Measuring brand attachment in search marketing

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Matt Naeger
Matt Naeger


Many articles have been written about the move from traditional non-ROI based marketing and advertising to more measurable forms such as search engine marketing (SEM) over the past two years, with the mantra being that if you don't start measuring your sales you will lose your budget.



This concept has driven SEM to the forefront of most marketers' minds as a way to spend their advertising dollars more effectively. However, for companies that do not primarily sell through their Web site and who direct their customers to their brick-and-mortar locations for sales, the shift to search has put a limit on their sites' worth. Many companies in this situation have struggled to find a way to put a value on their Web site traffic, and how to measure its subsequent effect on offline sales channels.


This problem is not an easy one to solve. Think about what you would say if your boss were to ask you, “How much money does our search program drive for us?” If you didn't have a direct sales channel that you could measure resulting from your search spend, how would you answer?  What do you measure? How do you sell your company on spending more in search if you can't show direct returns?


The answer, although complicated, resides in the actions that your visitors take once you have gotten them to your site that reflect their attachment to your brand. These actions can be anything from the number of pages viewed, the time spent on the site, or incremental value actions such as signing up for e-mail newsletters, requesting information on your product or visiting various categories of pages that exist within the site that show an increased interest in your product.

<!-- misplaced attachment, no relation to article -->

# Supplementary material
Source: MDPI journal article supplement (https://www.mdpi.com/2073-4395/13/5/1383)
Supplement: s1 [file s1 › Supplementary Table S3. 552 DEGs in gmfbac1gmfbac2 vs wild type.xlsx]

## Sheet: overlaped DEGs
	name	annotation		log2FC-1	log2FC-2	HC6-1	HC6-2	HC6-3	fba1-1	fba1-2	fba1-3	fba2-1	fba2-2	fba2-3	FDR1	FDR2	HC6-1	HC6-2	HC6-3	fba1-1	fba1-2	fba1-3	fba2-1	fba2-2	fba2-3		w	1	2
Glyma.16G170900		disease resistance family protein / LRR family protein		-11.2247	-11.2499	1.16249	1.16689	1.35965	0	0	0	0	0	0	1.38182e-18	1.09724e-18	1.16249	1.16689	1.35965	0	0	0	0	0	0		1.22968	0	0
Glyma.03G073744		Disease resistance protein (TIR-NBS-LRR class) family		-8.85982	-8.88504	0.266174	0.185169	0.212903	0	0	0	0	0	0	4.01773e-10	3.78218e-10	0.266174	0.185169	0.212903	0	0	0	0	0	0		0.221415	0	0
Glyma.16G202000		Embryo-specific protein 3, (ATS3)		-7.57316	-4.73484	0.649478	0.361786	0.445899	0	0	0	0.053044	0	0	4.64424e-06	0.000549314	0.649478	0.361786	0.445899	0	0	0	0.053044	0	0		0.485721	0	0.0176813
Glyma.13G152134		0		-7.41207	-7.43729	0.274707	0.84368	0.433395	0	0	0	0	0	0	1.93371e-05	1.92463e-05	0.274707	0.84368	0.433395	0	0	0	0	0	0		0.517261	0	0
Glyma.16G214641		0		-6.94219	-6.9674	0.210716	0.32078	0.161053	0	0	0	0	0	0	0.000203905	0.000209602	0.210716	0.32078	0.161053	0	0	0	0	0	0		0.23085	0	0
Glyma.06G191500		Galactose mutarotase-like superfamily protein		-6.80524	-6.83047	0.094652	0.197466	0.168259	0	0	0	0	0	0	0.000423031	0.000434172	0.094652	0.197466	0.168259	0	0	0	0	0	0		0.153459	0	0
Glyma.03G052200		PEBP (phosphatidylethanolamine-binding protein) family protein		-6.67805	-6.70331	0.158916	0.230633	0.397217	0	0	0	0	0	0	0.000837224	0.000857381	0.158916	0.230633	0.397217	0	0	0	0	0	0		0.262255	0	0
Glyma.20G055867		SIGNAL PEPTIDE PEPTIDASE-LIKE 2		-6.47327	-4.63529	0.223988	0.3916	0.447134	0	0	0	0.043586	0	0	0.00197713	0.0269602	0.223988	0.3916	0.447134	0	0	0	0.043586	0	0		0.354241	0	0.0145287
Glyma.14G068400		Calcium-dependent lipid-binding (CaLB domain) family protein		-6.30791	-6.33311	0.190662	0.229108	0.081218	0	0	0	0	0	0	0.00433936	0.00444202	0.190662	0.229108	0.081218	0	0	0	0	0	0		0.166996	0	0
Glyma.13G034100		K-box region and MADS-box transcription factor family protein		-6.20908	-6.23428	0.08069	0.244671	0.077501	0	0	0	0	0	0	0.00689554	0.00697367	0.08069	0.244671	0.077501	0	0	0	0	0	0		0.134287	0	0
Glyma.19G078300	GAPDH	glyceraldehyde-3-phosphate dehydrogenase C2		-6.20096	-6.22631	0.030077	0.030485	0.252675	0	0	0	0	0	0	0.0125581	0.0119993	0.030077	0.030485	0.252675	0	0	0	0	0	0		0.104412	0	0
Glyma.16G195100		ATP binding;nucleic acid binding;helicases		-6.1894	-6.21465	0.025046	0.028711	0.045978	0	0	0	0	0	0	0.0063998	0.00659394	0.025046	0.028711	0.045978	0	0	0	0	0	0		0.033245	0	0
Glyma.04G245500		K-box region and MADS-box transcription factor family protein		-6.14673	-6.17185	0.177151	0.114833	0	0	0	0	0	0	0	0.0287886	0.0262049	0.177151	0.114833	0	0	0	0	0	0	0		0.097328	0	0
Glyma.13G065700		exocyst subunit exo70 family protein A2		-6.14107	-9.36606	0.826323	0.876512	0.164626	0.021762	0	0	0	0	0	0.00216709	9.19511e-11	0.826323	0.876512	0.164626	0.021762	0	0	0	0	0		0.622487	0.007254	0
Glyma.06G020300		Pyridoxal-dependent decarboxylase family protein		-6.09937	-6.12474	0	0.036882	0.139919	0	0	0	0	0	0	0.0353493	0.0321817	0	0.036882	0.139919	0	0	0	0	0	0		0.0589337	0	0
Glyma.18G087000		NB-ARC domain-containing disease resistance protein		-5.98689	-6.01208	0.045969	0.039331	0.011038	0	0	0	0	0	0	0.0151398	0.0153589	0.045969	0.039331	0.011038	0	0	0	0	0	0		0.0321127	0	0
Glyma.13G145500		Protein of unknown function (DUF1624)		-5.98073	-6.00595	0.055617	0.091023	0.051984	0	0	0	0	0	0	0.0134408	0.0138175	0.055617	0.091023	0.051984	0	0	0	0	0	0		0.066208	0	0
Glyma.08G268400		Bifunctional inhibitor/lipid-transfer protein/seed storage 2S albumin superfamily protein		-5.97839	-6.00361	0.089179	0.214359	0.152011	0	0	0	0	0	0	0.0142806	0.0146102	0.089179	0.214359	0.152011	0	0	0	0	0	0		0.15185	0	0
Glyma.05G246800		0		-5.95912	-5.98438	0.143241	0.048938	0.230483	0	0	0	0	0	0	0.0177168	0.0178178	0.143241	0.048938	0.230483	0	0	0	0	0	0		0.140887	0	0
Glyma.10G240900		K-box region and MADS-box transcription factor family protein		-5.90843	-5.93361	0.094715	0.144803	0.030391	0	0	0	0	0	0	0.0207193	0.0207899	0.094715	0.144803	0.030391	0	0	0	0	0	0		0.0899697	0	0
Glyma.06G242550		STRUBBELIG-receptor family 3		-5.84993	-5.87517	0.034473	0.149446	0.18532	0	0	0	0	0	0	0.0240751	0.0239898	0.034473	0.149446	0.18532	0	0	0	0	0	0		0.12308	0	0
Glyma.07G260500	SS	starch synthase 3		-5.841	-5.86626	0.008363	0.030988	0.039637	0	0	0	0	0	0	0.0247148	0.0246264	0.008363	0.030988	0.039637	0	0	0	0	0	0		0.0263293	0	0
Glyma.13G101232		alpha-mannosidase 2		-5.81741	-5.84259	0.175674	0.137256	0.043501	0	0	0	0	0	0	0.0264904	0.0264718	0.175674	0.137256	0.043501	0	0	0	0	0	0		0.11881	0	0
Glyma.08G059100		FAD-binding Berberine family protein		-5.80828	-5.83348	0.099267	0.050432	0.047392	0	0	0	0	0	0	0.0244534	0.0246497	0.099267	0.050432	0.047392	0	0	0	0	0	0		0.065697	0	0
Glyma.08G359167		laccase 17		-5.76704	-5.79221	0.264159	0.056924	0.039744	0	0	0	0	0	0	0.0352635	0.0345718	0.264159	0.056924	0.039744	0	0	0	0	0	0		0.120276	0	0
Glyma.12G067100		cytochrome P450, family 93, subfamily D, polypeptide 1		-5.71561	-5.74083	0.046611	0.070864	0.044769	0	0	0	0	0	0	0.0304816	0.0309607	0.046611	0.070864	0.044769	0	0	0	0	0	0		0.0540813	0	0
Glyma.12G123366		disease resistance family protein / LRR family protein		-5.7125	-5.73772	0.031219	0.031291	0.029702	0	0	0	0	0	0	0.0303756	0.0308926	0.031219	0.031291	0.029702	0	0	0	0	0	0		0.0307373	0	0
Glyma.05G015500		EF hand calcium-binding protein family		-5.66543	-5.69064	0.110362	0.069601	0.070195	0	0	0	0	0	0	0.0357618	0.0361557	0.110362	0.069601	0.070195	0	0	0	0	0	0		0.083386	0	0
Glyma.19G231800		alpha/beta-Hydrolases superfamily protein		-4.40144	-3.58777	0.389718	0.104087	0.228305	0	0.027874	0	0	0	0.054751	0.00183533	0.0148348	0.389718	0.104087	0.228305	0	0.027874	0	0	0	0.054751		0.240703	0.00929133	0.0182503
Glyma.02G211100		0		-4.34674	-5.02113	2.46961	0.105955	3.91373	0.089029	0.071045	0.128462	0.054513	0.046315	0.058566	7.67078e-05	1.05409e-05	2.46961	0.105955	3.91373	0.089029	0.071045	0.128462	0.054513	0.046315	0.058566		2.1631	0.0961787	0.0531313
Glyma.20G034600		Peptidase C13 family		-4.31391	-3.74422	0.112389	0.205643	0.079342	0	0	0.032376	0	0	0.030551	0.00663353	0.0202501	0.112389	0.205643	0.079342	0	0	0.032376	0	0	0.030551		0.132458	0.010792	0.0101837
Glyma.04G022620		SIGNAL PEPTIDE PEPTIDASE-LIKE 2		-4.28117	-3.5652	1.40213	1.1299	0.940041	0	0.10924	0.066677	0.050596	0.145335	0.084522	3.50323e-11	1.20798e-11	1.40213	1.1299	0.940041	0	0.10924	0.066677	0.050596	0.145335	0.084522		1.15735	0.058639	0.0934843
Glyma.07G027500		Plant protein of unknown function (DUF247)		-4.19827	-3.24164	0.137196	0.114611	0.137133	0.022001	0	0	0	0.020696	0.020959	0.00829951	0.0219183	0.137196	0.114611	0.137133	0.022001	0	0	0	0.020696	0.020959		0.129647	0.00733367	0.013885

Identifying the actions that you want a user to take is the simplest part of this equation. If you built your site with your customer in mind, you most likely have included facts, statistics, data, etc. that you believe are of importance to them. However, what many sites overlook is information that potential customers want to know before making a decision on whether or not to buy the product offline. If you can identify these items and then track their influence on your customers, you will have a measurement that can be utilized to show the value of any spend.


One way to do this is by identifying the important pages of the site, then adding a value score to each page. The assumption is that you can measure your audience engagement by tallying the value points.


For example, assume two visitors were driven to your site by different keywords in a paid search campaign. Visitor No. 1 comes to the site and views the landing page that you placed for the ad. He then visits two pages of the site about the company's status as a “green” organization and its commitment to giving back to the community.


Visitor number two comes to the site and views a page on how your product is produced, then goes to a page on the materials used to create the product, followed by a page with customer testimonials and finally to a page that talks about where she can buy the product.


Which of these two visitors is more valuable to you and your brand?  Does one of them have a higher likelihood of buying your product offline?  If you can answer these questions for these two visitors, then you can answer them for every visitor to your site. This insight will enable you to manage your marketing campaigns, driving the actions that you feel have a higher value.


You can then begin to test and track these variables against your offline sales reports to see if you can make assumptions as to whether or not your online marketing is driving more customers to purchase your products.


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